3 Analysis and evaluation Apply the cycle of collecting, presenting and analysing data, including: a presenting observations and other data using appropriate methods b translating data from one form to another c carrying out and representing mathematical and statistical analysis d representing distributions of results and making estimations of uncertainty e interpreting observations and other data (presented in verbal, diagrammatic, graphical, symbolic or numerical form), including identifying patterns and trends, making inferences and drawing conclusions f presenting reasoned explanations, including relating data to hypotheses g being objective, evaluating data in terms of accuracy, precision, repeatability and reproducibility and identifying potential sources of random and systematic error h communicating the scientific rationale for investigations, methods used, findings and reasoned conclusions through paper-based and electronic reports and presentations using verbal, diagrammatic, graphical, numerical and symbolic forms. 4 Scientific vocabulary, quantities, units, symbols and nomenclature a Use scientific vocabulary, terminology and definitions. b Recognise the importance of scientific quantities and understand how they are determined. c Use SI units (e.g. kg, g, mg; km, m, mm; kJ, J) and IUPAC chemical nomenclature unless inappropriate. d Use prefixes and powers of ten for orders of magnitude (e.g. tera, giga, mega, kilo, centi, milli, micro and nano). e Interconvert units. f Use an appropriate number of significant figures in calculation. 8 Pearson Edexcel Level 1/Level 2 GCSE (9-1) in Physics Specification – Issue 3 – February 2018 © Pearson Education Limited 2018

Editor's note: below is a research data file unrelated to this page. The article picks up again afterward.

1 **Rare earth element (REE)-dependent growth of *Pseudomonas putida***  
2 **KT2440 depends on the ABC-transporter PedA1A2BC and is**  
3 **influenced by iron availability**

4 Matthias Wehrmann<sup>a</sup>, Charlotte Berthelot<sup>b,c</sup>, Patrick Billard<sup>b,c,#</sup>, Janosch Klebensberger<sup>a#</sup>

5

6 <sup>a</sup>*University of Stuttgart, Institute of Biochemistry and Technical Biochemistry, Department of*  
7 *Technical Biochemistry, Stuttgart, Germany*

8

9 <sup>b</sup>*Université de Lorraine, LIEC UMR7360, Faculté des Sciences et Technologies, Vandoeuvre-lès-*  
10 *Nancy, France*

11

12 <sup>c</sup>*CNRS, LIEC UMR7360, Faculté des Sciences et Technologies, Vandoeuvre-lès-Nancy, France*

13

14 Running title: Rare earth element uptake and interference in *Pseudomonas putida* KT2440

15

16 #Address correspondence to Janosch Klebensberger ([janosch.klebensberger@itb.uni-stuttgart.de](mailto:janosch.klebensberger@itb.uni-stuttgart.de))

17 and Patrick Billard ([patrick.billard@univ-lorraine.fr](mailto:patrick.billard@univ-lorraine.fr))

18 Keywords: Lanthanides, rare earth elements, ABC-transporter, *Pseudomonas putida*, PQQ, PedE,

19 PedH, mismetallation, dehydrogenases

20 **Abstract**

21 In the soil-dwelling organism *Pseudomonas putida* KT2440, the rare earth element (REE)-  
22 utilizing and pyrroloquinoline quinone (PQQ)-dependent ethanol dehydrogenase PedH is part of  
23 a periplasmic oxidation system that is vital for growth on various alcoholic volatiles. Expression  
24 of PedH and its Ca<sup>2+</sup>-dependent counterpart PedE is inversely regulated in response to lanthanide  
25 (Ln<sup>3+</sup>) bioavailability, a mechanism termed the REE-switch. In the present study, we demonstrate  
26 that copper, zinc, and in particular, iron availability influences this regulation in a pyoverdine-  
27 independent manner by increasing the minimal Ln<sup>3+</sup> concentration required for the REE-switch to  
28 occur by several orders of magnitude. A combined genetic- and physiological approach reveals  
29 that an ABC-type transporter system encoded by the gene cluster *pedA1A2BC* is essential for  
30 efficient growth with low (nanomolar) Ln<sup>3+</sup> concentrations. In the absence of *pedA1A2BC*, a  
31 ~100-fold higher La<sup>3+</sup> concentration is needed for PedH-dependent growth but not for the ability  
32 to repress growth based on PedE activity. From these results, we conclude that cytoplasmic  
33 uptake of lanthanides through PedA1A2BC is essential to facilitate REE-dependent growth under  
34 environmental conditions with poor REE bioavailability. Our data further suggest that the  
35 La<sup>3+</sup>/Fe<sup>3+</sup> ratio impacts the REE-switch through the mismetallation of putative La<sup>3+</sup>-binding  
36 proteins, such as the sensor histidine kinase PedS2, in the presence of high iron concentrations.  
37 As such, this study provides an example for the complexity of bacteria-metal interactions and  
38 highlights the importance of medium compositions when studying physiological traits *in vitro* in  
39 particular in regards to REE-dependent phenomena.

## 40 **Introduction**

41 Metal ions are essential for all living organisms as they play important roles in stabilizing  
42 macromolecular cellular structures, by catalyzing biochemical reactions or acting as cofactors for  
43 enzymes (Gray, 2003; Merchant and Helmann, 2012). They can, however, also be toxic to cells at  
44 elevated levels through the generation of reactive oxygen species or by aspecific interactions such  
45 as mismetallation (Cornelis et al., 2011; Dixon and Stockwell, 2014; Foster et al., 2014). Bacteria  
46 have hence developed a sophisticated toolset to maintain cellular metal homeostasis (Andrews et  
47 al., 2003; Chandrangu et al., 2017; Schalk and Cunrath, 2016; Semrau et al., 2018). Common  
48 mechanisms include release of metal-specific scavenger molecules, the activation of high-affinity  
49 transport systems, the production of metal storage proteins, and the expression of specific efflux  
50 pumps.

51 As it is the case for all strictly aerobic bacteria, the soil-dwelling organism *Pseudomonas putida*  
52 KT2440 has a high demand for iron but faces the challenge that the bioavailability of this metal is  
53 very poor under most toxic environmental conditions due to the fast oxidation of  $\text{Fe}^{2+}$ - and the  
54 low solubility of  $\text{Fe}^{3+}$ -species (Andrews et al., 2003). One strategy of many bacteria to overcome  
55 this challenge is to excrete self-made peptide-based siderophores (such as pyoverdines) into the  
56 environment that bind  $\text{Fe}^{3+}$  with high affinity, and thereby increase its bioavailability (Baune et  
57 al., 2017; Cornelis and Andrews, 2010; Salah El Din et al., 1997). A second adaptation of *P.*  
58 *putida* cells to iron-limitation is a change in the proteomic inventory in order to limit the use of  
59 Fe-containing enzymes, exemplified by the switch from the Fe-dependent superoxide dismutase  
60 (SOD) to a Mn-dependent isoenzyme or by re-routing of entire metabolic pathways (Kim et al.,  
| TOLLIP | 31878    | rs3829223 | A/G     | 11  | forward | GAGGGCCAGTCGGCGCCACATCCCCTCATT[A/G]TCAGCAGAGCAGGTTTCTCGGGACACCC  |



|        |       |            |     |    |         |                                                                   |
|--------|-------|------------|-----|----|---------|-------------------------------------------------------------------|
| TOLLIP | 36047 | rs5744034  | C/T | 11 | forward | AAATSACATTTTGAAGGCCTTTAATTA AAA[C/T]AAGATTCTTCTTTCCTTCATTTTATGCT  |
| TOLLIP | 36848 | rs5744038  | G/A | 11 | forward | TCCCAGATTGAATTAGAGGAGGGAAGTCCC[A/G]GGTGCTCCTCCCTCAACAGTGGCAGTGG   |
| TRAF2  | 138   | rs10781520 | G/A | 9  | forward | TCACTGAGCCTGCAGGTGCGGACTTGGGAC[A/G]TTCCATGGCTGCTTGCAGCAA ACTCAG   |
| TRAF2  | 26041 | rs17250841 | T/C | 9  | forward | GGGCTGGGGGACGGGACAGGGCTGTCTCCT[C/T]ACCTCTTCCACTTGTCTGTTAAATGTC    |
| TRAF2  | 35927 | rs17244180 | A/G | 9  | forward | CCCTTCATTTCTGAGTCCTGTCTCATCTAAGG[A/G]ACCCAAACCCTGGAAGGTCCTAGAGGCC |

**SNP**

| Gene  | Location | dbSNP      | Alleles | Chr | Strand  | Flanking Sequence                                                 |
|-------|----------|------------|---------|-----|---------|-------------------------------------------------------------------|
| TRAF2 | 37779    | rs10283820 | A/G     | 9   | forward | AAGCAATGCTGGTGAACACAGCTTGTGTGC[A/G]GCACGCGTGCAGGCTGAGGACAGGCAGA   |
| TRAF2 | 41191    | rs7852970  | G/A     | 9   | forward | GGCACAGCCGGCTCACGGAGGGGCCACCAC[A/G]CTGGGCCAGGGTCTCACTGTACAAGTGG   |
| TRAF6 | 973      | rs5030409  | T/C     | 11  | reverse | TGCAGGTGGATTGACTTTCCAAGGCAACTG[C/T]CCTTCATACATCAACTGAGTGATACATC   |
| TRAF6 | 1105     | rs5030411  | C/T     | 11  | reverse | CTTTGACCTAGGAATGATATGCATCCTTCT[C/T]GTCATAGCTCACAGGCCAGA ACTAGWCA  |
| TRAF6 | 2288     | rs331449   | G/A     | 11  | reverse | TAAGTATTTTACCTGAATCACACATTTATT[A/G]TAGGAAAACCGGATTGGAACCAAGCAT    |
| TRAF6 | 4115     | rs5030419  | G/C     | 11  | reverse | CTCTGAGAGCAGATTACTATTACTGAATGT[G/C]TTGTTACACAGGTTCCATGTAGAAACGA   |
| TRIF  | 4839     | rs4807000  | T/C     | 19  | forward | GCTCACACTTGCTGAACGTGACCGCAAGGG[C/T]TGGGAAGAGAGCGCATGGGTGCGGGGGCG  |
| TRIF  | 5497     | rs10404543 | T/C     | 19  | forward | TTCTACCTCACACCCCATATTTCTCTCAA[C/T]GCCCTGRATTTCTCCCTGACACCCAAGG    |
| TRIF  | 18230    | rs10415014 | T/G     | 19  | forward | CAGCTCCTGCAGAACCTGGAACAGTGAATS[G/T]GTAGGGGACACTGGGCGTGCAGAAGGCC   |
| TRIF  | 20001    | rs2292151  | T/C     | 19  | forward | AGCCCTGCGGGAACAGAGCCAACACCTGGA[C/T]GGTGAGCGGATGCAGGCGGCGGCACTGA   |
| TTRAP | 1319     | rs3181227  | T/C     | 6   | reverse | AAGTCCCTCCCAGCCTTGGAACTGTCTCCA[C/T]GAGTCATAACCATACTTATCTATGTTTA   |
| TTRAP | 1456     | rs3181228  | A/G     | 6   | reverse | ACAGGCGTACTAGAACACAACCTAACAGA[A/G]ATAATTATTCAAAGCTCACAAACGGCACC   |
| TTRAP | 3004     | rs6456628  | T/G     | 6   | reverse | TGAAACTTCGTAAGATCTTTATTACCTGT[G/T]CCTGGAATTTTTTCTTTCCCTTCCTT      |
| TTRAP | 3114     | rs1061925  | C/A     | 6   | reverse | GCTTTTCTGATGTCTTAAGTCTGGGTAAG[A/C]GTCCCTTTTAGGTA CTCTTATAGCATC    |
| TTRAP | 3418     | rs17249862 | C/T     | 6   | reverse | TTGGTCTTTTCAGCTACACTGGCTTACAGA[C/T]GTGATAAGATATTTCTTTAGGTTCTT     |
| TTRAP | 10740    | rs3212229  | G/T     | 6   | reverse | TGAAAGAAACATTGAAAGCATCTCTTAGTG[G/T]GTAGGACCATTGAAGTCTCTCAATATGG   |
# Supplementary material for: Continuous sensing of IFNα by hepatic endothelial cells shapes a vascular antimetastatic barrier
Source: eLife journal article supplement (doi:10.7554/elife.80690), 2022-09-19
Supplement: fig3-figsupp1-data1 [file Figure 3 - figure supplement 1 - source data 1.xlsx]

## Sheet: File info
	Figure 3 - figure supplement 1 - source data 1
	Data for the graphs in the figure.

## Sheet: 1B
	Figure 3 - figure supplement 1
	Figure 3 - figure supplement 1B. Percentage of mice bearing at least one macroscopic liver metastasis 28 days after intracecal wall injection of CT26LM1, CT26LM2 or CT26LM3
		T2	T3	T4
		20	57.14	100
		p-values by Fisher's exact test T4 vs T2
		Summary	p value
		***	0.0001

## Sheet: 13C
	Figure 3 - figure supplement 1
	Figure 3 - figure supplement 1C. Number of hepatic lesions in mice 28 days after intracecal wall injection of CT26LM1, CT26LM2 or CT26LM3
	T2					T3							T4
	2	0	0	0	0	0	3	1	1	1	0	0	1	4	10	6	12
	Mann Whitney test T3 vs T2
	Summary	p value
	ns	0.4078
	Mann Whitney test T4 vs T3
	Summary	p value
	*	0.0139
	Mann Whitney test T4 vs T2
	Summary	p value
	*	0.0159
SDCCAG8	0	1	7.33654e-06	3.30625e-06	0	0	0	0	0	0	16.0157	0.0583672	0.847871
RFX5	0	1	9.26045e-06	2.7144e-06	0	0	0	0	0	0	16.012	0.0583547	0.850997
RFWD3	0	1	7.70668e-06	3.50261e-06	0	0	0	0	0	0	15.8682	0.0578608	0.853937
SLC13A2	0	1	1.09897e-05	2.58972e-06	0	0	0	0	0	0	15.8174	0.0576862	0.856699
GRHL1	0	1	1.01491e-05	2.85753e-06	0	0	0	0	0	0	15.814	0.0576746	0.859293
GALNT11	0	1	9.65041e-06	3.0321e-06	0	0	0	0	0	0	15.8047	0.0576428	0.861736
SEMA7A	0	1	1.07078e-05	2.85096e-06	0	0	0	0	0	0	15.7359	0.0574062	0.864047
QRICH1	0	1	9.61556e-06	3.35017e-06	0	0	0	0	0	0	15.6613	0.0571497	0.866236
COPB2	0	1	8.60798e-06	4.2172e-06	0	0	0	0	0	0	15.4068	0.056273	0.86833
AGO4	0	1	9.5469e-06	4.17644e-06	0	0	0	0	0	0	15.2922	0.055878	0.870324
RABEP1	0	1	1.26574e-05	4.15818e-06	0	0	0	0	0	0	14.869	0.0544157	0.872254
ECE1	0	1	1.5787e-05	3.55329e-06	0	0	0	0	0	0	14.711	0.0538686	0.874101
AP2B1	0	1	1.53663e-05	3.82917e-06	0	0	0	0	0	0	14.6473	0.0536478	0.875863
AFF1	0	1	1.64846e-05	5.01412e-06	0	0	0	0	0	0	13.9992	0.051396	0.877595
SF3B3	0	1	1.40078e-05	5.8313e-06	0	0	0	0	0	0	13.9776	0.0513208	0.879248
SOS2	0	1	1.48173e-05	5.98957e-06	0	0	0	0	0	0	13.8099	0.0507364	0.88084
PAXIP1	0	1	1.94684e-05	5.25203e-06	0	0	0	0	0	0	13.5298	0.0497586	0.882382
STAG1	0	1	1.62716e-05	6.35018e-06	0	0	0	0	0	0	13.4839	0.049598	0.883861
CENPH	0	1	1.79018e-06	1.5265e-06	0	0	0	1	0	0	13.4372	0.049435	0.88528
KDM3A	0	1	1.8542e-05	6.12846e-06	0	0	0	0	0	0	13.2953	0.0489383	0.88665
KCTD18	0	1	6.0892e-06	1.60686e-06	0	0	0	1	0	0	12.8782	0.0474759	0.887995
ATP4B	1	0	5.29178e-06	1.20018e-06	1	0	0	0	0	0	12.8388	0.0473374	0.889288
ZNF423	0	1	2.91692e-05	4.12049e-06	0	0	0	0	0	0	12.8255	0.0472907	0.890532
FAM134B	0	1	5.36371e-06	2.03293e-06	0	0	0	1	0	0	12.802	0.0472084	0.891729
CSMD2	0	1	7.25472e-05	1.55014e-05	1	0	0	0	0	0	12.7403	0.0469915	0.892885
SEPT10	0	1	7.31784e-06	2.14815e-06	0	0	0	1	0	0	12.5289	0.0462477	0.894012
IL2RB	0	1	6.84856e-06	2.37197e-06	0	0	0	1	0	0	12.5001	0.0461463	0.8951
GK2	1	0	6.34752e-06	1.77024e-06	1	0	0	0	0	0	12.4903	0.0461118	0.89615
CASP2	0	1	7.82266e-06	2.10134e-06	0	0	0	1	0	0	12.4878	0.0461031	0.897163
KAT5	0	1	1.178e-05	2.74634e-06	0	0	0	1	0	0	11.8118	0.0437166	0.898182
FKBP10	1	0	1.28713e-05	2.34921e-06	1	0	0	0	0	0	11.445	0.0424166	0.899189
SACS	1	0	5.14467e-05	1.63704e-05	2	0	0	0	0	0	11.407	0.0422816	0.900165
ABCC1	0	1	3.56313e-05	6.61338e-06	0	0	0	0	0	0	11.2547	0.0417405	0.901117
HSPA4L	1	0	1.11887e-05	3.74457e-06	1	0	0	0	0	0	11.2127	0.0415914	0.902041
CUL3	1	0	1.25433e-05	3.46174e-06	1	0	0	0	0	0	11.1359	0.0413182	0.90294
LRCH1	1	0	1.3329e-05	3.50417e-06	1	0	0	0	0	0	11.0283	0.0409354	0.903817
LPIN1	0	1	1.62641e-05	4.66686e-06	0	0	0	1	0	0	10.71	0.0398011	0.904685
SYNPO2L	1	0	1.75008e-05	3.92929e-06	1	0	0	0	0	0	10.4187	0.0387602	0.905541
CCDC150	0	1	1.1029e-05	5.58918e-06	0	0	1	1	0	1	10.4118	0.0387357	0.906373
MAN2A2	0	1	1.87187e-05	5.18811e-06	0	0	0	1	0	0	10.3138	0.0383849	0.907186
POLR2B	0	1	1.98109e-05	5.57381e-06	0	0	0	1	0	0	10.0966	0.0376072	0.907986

Practical work The content includes eight mandatory core practicals, indicated as an entire specification point in italics. Students must carry out all eight of the mandatory core practicals listed below. Core practical: 2.19 Investigate the relationship between force, mass and acceleration by varying the masses added to trolleys 4.17 Investigate the suitability of equipment to measure the speed, frequency and wavelength of a wave in a solid and a fluid 5.9 Investigate refraction in rectangular glass blocks in terms of the interaction of electromagnetic waves with matter 5.19P Investigate how the nature of a surface affects the amount of thermal energy radiated or absorbed. 10.17 Construct electrical circuits to: a investigate the relationship between potential difference, current and resistance for a resistor and a filament lamp b test series and parallel circuits using resistors and filament lamps 14.3 Investigate the densities of solid and liquids 14.11 Investigate the properties of water by determining the specific heat capacity of water and obtaining a temperature-time graph for melting ice 15.6 Investigate the extension and work done when applying forces to a spring Students will need to use their knowledge and understanding of these practical techniques and procedures in the written assessments. Centres must confirm that each student has completed the eight mandatory core practicals. Students need to record the work that they have undertaken for the eight mandatory core practicals. The practical record must include the knowledge, skills and understanding they have derived from the practical activities. Centres must complete and submit a Practical Science Statement (see Appendix 6) to confirm that all students have completed the eight mandatory core practicals. This must be submitted to Pearson by 15th April in the year that the students will sit their examinations. Any failure by centres to provide this Practical Science Statement will be treated as malpractice and/or maladministration. Scientific diagrams should be included, where appropriate, to show the set-up and to record the apparatus and procedures used in practical work. It is important to realise that these core practicals are the minimum number of practicals that should be taken during the course. Suggested additional practicals are given beneath the content at the end of each topic. The eight mandatory core practicals cover all aspects of the apparatus and techniques listed in Appendix 5: Apparatus and techniques. This appendix also includes more detailed instructions for each core practical, which must be followed. Pearson Edexcel Level 1/Level 2 GCSE (9-1) in Physics 9 Specification – Issue 3 – February 2018 © Pearson Education Limited 2018